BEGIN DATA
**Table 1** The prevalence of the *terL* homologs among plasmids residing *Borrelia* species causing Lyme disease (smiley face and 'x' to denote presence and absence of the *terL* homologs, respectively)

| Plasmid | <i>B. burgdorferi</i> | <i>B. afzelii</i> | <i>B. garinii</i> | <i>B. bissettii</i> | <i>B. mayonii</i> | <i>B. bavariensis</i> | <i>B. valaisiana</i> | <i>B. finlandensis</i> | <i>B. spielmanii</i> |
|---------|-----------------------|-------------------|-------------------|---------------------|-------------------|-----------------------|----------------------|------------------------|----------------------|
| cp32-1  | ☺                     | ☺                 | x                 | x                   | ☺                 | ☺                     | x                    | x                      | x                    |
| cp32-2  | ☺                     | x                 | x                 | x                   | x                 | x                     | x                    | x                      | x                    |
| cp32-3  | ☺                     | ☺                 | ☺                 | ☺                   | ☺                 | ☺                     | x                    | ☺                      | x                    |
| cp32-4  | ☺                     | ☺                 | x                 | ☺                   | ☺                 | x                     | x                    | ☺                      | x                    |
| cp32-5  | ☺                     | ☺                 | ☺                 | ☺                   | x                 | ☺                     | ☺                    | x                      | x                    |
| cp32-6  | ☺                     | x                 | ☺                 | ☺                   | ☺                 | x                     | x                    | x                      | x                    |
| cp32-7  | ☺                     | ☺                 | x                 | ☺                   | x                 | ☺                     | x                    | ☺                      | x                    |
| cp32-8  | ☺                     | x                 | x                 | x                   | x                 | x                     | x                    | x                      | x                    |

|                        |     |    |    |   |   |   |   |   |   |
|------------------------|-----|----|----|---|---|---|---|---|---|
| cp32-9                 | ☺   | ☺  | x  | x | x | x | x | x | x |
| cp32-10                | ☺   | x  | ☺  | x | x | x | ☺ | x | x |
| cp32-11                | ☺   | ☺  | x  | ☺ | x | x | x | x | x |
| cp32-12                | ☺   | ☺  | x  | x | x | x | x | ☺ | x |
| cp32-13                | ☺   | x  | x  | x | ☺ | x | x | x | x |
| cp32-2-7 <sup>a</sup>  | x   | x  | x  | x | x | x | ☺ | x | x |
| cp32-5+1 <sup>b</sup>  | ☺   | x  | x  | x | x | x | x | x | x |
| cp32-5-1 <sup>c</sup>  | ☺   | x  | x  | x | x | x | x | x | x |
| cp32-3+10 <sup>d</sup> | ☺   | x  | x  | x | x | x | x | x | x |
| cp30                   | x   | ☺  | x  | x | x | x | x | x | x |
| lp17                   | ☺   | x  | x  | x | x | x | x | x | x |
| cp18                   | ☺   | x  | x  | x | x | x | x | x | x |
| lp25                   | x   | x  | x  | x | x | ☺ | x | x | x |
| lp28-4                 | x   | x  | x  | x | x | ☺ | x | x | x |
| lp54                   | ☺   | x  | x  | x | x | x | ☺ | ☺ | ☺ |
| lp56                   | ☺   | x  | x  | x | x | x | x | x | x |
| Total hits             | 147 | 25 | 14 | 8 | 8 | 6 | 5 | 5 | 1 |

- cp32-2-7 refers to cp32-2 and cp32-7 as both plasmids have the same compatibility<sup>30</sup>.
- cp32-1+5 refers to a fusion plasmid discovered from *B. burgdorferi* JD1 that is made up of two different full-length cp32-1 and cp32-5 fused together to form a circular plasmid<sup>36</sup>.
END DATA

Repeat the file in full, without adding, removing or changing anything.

**Table 1** The prevalence of the *terL* homologs among plasmids residing *Borrelia* species causing Lyme disease (smiley face and 'x' to denote presence and absence of the *terL* homologs, respectively)

| Plasmid | <i>B. burgdorferi</i> | <i>B. afzelii</i> | <i>B. garinii</i> | <i>B. bissettii</i> | <i>B. mayonii</i> | <i>B. bavariensis</i> | <i>B. valaisiana</i> | <i>B. finlandensis</i> | <i>B. spielmanii</i> |
|---------|-----------------------|-------------------|-------------------|---------------------|-------------------|-----------------------|----------------------|------------------------|----------------------|
| cp32-1  | ☺                     | ☺                 | x                 | x                   | ☺                 | ☺                     | x                    | x                      | x                    |
| cp32-2  | ☺                     | x                 | x                 | x                   | x                 | x                     | x                    | x                      | x                    |
| cp32-3  | ☺                     | ☺                 | ☺                 | ☺                   | ☺                 | ☺                     | x                    | ☺                      | x                    |
| cp32-4  | ☺                     | ☺                 | x                 | ☺                   | ☺                 | x                     | x                    | ☺                      | x                    |
| cp32-5  | ☺                     | ☺                 | ☺                 | ☺                   | x                 | ☺                     | ☺                    | x                      | x                    |
| cp32-6  | ☺                     | x                 | ☺                 | ☺                   | ☺                 | x                     | x                    | x                      | x                    |
| cp32-7  | ☺                     | ☺                 | x                 | ☺                   | x                 | ☺                     | x                    | ☺                      | x                    |
| cp32-8  | ☺                     | x                 | x                 | x                   | x                 | x                     | x                    | x                      | x                    |

|                        |     |    |    |   |   |   |   |   |   |
|------------------------|-----|----|----|---|---|---|---|---|---|
| cp32-9                 | ☺   | ☺  | x  | x | x | x | x | x | x |
| cp32-10                | ☺   | x  | ☺  | x | x | x | ☺ | x | x |
| cp32-11                | ☺   | ☺  | x  | ☺ | x | x | x | x | x |
| cp32-12                | ☺   | ☺  | x  | x | x | x | x | ☺ | x |
| cp32-13                | ☺   | x  | x  | x | ☺ | x | x | x | x |
| cp32-2-7 <sup>a</sup>  | x   | x  | x  | x | x | x | ☺ | x | x |
| cp32-5+1 <sup>b</sup>  | ☺   | x  | x  | x | x | x | x | x | x |
| cp32-5-1 <sup>c</sup>  | ☺   | x  | x  | x | x | x | x | x | x |
| cp32-3+10 <sup>d</sup> | ☺   | x  | x  | x | x | x | x | x | x |
| cp30                   | x   | ☺  | x  | x | x | x | x | x | x |
| lp17                   | ☺   | x  | x  | x | x | x | x | x | x |
| cp18                   | ☺   | x  | x  | x | x | x | x | x | x |
| lp25                   | x   | x  | x  | x | x | ☺ | x | x | x |
| lp28-4                 | x   | x  | x  | x | x | ☺ | x | x | x |
| lp54                   | ☺   | x  | x  | x | x | x | ☺ | ☺ | ☺ |
| lp56                   | ☺   | x  | x  | x | x | x | x | x | x |
| Total hits             | 147 | 25 | 14 | 8 | 8 | 6 | 5 | 5 | 1 |

- cp32-2-7 refers to cp32-2 and cp32-7 as both plasmids have the same compatibility<sup>30</sup>.
- cp32-1+5 refers to a fusion plasmid discovered from *B. burgdorferi* JD1 that is made up of two different full-length cp32-1 and cp32-5 fused together to form a circular plasmid<sup>36</sup>.